So what should commanders do in order to move to outcomes that are more predictable and good for the services? The initial Sexual Assault Victim Intervention (SAVI) programs, like that established by the Navy on 23 March 1998 by OPNAVINST 1752.1A, were a good first step toward establishing a protocol. But these programs have demonstrated limits. Frequently, reports are not made according to procedure or through any official channels at all, causing privacy to be compromised. Within the continental United States, victims in the military may use civilian support systems to seek assistance and can frequently remain anonymous by so doing. But those serving overseas or deployed to combat zones do not always have these same options. Perhaps it is time to re-evaluate existing programs for their effectiveness and ensure they can equally meet the needs of commanders and victims, both stateside and deployed abroad.
More military investigators and trial counsels should be specially trained in handling sexual assault. Those certified as especially qualified to handle these kinds of cases could be assigned as teams to work on cases requiring expertise. Unfortunately, the backbone of military victim—assistance programs frequently consists of collateral—duty volunteer counselors, who are subject to transfer or deployment on short notice or have other, competing concerns. And the collateral nature of the position can strain command resources. Recently, the United Nations began a comprehensive review of their sexual assault problem in an effort to better investigate and handle allegations of sexual misconduct leveled against its multinational peacekeeping forces deployed throughout the world. Lessons learned from their studies can perhaps offer additional ideas for improvement.
The Department of Defense has begun an ambitious program that seeks to address these issues. It recently implemented the Sexual Assault Prevention and Response (SAPR) Program on 5 October 2005 through DoD Directive 6495.01. The SAPR website found at www.sapr.mil  provides detailed information about the program. Additionally, the implementing instruction, DoD Instruction 6495.02, signed on 23 June 2006, sets out a detailed process for commanders and investigators to follow.
The new policies appear to strike a balance between the competing concerns of victim treatment and potential punishment. The new policy provides victims the ability to seek treatment and support anonymously through an "opt out" provision permitting a restricted report. The choices are clearly detailed in the instruction and in DD Form 2910, the Victim Reporting Preference Statement, which the victim reviews and signs. And while the SAPR process looks promising, it is very new. It will be important for those overseeing this program to regularly review its application and evaluate its effectiveness. However, if commanders study the instruction, seek JAG advice and assistance about case disposition, and are guided in their decisions by the circumstances of each case, the hazards posed by sexual assault and harassment in the military should be navigable.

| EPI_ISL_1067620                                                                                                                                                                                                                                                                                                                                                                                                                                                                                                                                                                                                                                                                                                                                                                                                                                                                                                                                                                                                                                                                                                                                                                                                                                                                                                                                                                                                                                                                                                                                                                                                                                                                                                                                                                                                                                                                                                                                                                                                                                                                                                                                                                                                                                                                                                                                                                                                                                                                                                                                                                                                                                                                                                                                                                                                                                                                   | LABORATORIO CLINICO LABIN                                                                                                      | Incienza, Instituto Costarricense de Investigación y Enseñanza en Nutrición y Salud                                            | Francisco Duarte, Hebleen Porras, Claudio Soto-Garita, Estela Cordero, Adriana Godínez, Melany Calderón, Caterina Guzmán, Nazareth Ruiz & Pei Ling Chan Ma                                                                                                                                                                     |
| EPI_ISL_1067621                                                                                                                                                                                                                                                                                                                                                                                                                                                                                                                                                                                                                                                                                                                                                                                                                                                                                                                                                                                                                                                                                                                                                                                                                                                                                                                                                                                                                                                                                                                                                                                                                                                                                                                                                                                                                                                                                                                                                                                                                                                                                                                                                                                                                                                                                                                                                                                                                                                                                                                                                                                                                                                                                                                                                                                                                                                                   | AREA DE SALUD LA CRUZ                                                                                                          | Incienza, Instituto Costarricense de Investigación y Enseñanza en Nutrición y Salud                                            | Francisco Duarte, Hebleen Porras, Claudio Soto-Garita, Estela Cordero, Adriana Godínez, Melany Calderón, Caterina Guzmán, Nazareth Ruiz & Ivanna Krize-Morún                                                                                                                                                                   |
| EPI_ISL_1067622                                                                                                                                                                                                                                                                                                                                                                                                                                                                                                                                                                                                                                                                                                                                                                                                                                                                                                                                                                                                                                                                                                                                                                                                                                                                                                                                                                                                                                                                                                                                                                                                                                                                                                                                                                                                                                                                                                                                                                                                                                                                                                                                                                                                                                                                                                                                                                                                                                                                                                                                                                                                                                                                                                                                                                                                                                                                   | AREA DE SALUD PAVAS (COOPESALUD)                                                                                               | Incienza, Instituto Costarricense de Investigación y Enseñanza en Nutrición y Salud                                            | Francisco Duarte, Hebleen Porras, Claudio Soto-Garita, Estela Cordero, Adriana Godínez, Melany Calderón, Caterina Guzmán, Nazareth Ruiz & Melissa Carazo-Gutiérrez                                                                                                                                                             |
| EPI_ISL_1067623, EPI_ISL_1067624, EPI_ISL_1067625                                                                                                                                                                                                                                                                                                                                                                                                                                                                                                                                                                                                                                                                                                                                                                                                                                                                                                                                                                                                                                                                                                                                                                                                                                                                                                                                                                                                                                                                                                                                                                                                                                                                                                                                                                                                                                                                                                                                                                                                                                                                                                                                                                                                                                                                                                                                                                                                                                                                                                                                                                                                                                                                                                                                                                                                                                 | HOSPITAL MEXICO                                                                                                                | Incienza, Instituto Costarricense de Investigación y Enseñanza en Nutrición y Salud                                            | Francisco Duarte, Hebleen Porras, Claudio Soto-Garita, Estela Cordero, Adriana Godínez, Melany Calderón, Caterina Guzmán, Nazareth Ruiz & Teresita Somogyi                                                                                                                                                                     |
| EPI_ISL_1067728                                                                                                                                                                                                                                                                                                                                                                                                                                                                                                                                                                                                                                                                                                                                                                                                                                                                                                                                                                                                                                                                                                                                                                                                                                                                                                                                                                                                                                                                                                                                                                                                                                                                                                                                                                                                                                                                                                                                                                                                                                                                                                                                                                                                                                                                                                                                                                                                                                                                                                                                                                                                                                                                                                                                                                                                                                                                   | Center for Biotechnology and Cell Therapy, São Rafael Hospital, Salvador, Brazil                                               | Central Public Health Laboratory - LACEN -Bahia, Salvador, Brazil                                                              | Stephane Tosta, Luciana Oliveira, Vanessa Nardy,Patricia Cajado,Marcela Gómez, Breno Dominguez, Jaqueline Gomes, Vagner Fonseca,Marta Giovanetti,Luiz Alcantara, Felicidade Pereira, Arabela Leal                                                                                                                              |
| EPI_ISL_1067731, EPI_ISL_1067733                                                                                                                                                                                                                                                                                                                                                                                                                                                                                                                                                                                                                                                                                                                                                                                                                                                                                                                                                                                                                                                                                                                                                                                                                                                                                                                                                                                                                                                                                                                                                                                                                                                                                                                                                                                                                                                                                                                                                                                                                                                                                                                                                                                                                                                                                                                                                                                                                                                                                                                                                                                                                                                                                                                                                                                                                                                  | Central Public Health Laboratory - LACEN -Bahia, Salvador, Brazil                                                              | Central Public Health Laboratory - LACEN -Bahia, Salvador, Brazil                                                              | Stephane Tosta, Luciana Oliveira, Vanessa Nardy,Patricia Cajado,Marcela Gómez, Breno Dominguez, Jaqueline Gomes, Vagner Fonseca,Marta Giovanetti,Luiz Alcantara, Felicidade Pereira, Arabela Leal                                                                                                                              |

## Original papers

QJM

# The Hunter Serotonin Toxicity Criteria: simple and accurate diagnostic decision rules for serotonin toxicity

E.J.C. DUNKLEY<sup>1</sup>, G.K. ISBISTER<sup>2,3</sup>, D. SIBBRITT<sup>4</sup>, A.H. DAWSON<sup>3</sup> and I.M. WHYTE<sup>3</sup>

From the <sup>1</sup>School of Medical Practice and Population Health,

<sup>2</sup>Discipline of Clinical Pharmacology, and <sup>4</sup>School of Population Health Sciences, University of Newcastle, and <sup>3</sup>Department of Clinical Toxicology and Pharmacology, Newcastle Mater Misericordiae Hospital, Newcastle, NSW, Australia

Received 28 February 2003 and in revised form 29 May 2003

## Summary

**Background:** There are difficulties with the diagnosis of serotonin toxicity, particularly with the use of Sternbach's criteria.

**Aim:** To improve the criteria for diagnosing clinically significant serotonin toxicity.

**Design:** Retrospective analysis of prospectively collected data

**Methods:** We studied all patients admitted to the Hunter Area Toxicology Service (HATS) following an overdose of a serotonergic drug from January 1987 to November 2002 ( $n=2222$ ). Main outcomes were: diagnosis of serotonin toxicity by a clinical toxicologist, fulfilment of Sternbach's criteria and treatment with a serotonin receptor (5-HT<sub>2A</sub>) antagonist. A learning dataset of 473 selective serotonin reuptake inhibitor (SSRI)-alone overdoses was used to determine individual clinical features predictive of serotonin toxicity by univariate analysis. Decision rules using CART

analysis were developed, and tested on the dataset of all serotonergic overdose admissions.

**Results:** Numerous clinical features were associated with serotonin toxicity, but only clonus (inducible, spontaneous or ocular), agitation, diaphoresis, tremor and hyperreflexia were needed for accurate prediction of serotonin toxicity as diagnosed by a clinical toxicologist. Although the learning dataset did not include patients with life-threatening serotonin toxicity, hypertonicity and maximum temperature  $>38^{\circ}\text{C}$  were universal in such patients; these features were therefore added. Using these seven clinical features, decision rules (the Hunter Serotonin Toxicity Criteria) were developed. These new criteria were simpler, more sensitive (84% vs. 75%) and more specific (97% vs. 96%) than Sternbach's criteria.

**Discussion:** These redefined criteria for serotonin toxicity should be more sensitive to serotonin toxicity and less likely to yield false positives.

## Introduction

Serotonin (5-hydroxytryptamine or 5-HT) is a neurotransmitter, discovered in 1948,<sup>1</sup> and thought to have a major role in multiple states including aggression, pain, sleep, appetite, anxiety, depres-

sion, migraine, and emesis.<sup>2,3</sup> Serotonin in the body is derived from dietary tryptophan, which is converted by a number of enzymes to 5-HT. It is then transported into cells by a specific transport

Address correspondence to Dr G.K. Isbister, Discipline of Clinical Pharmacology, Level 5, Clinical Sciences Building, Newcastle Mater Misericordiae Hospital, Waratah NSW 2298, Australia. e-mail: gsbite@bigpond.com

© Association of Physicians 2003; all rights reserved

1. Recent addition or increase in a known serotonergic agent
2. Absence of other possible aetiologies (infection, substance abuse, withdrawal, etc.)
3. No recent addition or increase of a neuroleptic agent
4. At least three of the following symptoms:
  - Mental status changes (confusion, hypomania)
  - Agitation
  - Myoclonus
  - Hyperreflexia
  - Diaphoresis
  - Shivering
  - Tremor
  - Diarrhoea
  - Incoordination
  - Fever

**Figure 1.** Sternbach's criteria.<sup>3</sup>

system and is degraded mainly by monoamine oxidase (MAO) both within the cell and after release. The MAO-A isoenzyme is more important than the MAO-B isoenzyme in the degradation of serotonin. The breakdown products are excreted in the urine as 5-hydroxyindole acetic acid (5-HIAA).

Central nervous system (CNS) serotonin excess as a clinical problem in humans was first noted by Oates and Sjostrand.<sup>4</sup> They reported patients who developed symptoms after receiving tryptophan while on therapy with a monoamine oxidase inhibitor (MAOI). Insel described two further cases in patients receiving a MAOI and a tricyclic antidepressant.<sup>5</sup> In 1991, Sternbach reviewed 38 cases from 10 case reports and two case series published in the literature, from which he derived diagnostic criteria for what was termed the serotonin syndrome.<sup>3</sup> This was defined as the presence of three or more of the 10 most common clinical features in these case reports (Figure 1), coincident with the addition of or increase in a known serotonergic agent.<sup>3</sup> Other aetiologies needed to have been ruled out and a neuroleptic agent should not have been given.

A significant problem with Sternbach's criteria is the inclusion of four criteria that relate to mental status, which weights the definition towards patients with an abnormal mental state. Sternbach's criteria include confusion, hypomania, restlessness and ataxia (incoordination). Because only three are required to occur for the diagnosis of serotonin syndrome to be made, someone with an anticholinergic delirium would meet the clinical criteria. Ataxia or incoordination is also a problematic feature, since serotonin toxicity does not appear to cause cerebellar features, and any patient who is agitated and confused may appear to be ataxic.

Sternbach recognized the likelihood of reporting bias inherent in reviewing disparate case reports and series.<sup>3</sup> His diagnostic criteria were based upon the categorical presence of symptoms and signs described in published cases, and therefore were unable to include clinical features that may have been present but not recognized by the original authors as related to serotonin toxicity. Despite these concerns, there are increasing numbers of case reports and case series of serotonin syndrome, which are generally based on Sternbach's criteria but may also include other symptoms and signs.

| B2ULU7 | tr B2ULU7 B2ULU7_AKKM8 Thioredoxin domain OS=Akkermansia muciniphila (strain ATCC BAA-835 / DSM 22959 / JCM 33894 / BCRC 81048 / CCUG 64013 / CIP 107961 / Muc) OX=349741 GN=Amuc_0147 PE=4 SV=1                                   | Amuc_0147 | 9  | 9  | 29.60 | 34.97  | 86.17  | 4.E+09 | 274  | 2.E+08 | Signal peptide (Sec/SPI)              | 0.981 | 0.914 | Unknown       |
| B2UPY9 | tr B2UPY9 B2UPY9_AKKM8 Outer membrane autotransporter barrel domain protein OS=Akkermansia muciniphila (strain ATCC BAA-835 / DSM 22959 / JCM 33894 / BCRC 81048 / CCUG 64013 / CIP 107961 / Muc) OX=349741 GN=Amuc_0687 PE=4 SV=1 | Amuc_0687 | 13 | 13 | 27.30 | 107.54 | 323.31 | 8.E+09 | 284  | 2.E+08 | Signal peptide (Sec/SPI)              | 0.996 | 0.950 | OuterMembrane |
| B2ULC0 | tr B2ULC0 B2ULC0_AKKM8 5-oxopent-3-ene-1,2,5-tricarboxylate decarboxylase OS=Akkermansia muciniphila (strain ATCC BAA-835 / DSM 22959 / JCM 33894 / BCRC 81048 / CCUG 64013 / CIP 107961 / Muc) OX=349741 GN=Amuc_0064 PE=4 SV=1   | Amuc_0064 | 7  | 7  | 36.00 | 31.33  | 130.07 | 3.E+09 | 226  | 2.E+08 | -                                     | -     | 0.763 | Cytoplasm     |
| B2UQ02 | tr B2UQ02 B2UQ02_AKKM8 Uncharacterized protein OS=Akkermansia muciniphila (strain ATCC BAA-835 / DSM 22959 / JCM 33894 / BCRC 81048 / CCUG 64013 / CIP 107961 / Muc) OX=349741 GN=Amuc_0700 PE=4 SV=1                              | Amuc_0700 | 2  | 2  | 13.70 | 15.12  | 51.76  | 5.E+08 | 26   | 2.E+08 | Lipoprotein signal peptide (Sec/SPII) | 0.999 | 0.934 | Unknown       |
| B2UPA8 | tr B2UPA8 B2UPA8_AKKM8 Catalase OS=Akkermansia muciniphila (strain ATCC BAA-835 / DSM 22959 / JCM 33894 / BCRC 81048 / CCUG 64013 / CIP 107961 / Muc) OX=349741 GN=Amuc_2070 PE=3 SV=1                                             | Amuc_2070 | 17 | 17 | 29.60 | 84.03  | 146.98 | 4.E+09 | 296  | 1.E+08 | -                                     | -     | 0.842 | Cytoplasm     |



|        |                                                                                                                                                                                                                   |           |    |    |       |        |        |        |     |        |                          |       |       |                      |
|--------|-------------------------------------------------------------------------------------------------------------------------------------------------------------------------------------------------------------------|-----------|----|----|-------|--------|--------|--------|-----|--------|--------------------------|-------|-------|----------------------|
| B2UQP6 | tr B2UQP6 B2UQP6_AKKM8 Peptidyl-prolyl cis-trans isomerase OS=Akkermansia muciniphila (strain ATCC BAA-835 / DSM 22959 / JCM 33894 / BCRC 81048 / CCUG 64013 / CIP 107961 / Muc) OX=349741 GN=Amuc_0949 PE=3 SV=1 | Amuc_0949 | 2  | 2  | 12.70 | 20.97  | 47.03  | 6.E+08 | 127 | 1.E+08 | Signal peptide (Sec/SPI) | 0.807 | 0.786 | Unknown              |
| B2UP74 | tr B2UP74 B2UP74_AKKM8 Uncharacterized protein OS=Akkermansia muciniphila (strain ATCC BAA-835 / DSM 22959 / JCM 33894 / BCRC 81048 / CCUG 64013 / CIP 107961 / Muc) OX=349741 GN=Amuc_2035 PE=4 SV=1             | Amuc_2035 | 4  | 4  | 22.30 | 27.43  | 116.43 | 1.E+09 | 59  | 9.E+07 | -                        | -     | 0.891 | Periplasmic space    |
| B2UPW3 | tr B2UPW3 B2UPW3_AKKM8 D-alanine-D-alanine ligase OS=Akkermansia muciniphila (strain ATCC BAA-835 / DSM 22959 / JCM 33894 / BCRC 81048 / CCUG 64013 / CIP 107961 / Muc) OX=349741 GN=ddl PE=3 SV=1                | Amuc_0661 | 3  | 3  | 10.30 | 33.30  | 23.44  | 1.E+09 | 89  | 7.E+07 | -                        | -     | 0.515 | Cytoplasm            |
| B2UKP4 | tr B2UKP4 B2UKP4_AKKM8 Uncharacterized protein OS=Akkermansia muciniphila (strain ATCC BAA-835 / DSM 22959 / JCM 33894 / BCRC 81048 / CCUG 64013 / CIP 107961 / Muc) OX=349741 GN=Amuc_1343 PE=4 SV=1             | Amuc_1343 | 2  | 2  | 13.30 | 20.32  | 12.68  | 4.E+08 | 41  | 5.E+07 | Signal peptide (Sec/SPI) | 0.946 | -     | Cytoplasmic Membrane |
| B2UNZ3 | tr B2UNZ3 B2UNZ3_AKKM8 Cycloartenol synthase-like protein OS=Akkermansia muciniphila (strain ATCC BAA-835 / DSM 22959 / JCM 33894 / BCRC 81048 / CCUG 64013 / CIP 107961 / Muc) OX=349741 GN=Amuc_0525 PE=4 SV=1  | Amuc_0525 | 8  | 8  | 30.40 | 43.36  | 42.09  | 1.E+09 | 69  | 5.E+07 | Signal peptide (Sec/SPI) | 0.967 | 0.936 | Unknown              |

So, is the military better at dealing with sexual assault and harassment than it was 31 years ago when women were first admitted to the academies, or even 16 years ago, when the Tailhook incident occurred? Overall, progress is evident. The problem and the issues are now squarely on the table for discussion. There is nothing preventing commanders, lawyers, and victim-advocates from moving forward toward a better and more holistic way of dealing with sexual assault and harassment in the military.
If nothing else, the recent focus on these cases has provided an occasion for introspection and opportunity for re-examination. Perhaps there are no apparent winners from the Lamar Owens court-martial in particular, but the resultant debate and discussion about command response to sexual assault and harassment is cause for measured optimism. This is not a male or a female issue, it is a service issue. It is one that commanders can better address by conveying clear standards of behavior to all and holding all of our leaders and future leaders equally accountable for their actions.
Commander Duignan currently serves as the Executive Director of the National Institute of Military Justice, a non-profit organization affiliated with American University's Washington College of Law in Washington, DC. She served on active-duty as a JAG officer where she was first assigned as a trial counsel in the Naval Legal Service Office in Norfolk, Virginia, and then as a defense counsel in the Coast Guard during the early to mid 1990s. She spent significant time both prosecuting and defending sex crimes during the immediate post-Tailhook period.